Plaque on the restored gates on Wigginton Road, YO31 8HE
Robert Holgate (c.1481-1555), founder of Archbishop Holgate’s Grammar School, was Archbishop of York and President of the King’s Council in the North. His career was typical of the Tudor century with its flowing and ebbing tides of popularity and power under a succession of monarchs: Henry VIII, Edward VI and Mary I. He rose to high office in both church and state as did his predecessor, Thomas Wolsey, in the See of York, only to fall with sudden finality under Mary I. Robert married in 1550, aged 68, scandalising the conservative northern clergy. Although a court case during Edward’s reign upheld his marriage, he was imprisoned in the Tower of London under Mary I on a charge “for divers offences” but especially for entering into a marriage after a vow of chastity. Deprived of office, he apologised to the Queen, offering the payment of £1,000 and was released in 1555 with a huge fine. Ten months later he died.
Grammar school founded
In 1546, with the authority of Henry VIII, the Archbishop founded three schools “free and perpetual” in York, Hemsworth and Old Malton. He bought the Treasurer’s House and other property in Minster Close and established a school and master’s house in Ogleforth “close by the cathedral”. The early grammar schools in England were established to train students for the clergy and the curriculum comprised Latin, Greek and Hebrew with some history, geography and mathematics, but the emphasis was on religious and moral education based on the Bible. Discipline was severe and hours were long with few holidays.
An advertisement in the York Courant of December 1799 states that “Notice is hereby given That the Free Grammar School situate within the Close of the Cathedral Church of York, founded by Archbishop Holgate, for the Instruction of Youth in the knowledge and understanding of the Latin Tongue and Grammar, will open again after the Christmas recess on Monday, January 20th 1800”. During the early part of the 19th century, grammar schools throughout the country were at a very low ebb as they had not adapted the curriculum to meet the educational needs of the sons of aristocrats and those of the rapidly expanding professional classes. Archbishop Holgate’s school was no exception; scholars numbered only 10 in 1818 and 17 in 1824. However, the fortunes of the school saw an improvement with the move to the Yeoman School at St John’s College.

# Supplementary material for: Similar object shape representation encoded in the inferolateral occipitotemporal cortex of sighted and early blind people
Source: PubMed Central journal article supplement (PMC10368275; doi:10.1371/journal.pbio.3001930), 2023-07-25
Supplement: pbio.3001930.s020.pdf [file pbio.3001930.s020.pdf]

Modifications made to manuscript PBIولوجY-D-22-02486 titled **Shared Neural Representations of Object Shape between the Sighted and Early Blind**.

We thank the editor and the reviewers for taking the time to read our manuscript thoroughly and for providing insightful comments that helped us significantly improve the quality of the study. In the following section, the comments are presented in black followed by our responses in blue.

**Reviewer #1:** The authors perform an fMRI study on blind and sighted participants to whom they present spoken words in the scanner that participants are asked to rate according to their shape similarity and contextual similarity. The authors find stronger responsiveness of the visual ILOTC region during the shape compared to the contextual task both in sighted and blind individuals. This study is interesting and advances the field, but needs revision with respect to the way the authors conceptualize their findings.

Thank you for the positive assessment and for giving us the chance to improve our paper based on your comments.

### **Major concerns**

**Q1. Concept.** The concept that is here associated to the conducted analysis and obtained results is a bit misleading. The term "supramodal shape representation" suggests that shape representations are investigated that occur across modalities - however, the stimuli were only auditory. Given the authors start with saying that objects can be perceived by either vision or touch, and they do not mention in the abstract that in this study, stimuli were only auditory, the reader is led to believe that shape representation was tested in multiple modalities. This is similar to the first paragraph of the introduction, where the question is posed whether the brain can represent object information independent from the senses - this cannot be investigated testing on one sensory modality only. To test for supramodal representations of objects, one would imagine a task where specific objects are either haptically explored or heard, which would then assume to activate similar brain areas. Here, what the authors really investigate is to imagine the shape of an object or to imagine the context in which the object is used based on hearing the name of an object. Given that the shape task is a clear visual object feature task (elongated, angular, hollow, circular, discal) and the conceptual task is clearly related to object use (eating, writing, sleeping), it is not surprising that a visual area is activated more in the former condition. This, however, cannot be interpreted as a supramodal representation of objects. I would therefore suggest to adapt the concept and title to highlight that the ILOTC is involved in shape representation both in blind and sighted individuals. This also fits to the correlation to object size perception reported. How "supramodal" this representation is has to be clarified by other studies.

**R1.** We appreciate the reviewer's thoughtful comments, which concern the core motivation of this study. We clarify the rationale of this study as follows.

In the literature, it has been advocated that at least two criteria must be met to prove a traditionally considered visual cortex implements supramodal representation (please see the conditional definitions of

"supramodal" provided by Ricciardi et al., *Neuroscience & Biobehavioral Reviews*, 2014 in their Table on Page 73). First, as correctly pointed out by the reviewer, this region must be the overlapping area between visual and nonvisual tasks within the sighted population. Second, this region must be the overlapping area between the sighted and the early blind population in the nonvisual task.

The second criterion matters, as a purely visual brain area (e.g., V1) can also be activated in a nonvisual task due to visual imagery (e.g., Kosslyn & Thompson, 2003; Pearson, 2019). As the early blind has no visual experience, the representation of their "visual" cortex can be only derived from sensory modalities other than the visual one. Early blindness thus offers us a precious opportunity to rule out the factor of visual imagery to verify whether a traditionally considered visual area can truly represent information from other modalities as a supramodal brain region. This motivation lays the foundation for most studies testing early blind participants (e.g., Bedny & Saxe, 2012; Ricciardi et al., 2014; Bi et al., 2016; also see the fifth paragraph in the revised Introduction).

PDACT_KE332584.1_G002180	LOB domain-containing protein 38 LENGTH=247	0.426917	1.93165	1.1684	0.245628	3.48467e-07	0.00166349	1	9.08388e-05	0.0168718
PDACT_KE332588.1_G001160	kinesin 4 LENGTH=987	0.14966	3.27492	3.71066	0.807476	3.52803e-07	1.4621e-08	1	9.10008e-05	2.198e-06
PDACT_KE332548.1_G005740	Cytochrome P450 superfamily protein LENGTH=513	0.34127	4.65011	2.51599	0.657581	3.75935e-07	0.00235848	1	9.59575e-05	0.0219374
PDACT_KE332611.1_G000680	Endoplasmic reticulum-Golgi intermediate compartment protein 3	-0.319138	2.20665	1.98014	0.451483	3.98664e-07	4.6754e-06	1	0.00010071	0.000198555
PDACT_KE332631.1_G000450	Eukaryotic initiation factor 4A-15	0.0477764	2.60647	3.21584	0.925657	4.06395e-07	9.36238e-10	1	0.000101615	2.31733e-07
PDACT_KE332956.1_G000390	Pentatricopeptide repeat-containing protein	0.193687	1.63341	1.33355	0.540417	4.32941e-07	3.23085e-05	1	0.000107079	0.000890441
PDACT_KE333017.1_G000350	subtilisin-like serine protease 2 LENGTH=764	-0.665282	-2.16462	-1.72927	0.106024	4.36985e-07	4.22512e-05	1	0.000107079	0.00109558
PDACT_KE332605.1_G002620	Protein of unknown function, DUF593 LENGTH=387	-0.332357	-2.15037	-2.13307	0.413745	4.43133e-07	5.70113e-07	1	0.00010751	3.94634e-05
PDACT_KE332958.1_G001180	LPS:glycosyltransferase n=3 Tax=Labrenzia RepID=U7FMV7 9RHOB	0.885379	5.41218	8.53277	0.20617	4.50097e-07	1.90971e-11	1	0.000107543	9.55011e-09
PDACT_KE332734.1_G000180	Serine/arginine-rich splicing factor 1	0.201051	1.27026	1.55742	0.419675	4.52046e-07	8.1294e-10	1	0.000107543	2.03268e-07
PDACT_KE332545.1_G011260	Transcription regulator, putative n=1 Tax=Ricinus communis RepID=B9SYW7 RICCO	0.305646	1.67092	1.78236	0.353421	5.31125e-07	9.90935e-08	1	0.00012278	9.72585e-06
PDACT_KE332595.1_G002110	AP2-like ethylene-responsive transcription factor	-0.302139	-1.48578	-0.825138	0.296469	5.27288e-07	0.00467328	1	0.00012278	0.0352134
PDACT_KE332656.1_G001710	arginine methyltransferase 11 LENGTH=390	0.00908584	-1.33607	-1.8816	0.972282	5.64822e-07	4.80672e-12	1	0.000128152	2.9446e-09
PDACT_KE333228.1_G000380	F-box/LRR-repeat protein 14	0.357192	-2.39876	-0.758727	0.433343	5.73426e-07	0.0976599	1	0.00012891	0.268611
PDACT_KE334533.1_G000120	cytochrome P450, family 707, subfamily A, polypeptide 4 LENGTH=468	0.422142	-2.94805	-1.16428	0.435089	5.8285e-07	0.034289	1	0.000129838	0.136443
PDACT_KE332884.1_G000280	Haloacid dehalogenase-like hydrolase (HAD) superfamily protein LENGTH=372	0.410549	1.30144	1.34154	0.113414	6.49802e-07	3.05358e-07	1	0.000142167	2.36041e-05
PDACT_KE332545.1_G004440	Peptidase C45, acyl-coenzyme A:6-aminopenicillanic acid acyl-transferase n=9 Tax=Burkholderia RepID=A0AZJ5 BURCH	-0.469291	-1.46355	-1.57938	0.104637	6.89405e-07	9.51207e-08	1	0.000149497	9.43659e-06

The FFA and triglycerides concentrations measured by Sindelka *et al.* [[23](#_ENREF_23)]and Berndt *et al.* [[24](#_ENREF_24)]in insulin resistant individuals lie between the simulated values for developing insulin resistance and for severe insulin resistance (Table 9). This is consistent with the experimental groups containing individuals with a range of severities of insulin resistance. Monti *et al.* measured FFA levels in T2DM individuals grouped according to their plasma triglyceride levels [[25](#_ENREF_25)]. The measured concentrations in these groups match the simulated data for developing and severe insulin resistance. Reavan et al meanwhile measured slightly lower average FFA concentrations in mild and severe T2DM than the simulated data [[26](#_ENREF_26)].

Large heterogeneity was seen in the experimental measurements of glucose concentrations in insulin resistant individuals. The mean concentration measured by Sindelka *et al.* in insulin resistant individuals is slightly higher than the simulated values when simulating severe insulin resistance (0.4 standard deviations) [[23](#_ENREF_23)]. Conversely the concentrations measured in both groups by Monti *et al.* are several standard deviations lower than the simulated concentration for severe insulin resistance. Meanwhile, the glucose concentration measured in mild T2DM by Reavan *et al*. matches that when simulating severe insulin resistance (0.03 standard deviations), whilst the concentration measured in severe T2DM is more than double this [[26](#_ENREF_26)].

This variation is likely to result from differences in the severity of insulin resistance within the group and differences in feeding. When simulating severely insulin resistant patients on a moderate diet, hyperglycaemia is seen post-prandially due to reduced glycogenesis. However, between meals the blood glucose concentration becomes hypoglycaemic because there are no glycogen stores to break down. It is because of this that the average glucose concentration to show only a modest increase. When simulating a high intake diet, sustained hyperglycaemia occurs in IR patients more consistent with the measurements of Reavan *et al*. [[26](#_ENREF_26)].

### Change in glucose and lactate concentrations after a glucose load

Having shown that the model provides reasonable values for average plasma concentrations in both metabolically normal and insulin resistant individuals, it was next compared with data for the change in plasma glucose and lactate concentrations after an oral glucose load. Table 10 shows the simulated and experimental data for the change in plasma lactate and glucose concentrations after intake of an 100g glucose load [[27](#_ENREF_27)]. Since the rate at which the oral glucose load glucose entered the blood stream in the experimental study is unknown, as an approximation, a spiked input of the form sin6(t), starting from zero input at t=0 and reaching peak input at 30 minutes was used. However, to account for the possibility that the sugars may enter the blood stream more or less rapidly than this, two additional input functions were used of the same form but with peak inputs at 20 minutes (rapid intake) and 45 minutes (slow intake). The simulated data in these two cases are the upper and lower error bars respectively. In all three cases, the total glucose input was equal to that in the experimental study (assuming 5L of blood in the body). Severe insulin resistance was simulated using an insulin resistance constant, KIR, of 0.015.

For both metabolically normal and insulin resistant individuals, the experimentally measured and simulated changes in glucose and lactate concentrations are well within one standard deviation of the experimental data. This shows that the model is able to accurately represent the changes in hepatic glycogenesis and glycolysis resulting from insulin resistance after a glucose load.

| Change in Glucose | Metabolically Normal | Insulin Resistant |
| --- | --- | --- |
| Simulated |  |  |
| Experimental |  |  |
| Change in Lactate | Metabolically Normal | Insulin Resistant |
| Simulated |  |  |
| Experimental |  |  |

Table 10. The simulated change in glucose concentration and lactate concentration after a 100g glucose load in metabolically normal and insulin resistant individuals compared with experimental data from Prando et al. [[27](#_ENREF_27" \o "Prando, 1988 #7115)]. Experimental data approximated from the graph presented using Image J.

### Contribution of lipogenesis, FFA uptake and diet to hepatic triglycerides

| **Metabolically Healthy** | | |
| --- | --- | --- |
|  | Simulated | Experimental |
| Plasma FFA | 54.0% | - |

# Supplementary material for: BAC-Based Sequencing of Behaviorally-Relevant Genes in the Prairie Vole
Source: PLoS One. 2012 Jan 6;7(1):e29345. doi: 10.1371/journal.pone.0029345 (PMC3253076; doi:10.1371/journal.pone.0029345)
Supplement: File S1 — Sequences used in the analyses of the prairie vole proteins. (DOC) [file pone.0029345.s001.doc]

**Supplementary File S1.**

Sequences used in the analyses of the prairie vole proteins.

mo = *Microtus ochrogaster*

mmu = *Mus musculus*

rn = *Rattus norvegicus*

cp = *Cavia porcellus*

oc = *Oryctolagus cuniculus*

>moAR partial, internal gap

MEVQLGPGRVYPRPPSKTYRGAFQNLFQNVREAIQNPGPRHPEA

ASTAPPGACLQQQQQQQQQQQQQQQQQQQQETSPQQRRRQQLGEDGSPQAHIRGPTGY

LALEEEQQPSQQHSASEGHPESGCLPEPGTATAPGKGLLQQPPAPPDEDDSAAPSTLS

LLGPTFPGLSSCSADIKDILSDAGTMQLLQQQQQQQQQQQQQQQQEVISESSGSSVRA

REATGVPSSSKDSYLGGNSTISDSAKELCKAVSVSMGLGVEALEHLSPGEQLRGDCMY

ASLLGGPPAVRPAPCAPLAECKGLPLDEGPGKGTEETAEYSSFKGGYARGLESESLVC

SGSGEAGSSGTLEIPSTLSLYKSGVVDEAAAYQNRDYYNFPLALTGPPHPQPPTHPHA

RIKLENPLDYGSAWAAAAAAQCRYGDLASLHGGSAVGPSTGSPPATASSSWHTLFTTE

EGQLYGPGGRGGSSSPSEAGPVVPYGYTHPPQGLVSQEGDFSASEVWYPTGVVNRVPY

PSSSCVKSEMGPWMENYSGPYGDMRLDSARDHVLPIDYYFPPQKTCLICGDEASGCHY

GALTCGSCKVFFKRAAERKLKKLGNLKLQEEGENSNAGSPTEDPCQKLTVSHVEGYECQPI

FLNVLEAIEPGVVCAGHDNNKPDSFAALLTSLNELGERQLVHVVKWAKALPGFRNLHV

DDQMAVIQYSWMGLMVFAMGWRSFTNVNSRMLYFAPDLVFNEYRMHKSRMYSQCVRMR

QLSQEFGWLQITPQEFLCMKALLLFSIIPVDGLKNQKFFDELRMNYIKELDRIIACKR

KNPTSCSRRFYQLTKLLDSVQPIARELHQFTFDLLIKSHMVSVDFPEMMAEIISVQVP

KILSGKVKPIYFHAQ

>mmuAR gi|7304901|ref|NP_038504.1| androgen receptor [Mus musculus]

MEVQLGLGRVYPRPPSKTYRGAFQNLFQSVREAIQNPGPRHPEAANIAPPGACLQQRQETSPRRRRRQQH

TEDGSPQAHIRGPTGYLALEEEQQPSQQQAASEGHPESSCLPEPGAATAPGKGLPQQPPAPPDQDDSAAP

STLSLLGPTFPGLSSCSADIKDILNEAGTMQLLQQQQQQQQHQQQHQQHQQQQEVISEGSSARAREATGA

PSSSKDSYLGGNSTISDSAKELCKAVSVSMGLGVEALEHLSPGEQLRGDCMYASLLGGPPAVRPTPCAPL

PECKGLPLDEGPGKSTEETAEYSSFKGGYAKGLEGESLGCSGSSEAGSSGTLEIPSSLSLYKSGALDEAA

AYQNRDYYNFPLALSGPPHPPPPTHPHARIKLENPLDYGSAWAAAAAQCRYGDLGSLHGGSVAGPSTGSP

Move to new premises
The York Diocesan School Society had moved in 1845-6 from Monkgate to a new site on Lord Mayor’s Walk where a new training college had been constructed in impressive buildings by George Townsend Andrews (1804-55), the “railway architect” who had built the first York station within the city walls plus many other stations and associated buildings. The Yeoman School, built next to the college on the same site, was opened in 1846 to cater for the “middle-class children” of agriculturalists and as a practising school for St John’s teacher-training students. But the Yeoman School began to experience financial difficulties and an agreement was made for Archbishop Holgate’s School to take over the school from 1858 to which it moved after more than 300 years in Ogleforth. The school began to flourish in its new home under the headship of The Revd. Robert Daniel. In 1828, there were 18-28 day boys and 38-48 boarders. By 1874 there were 45 day boys and by 1875 105 boarders. However, following the death of Daniel in 1882, the school experienced a period of decline.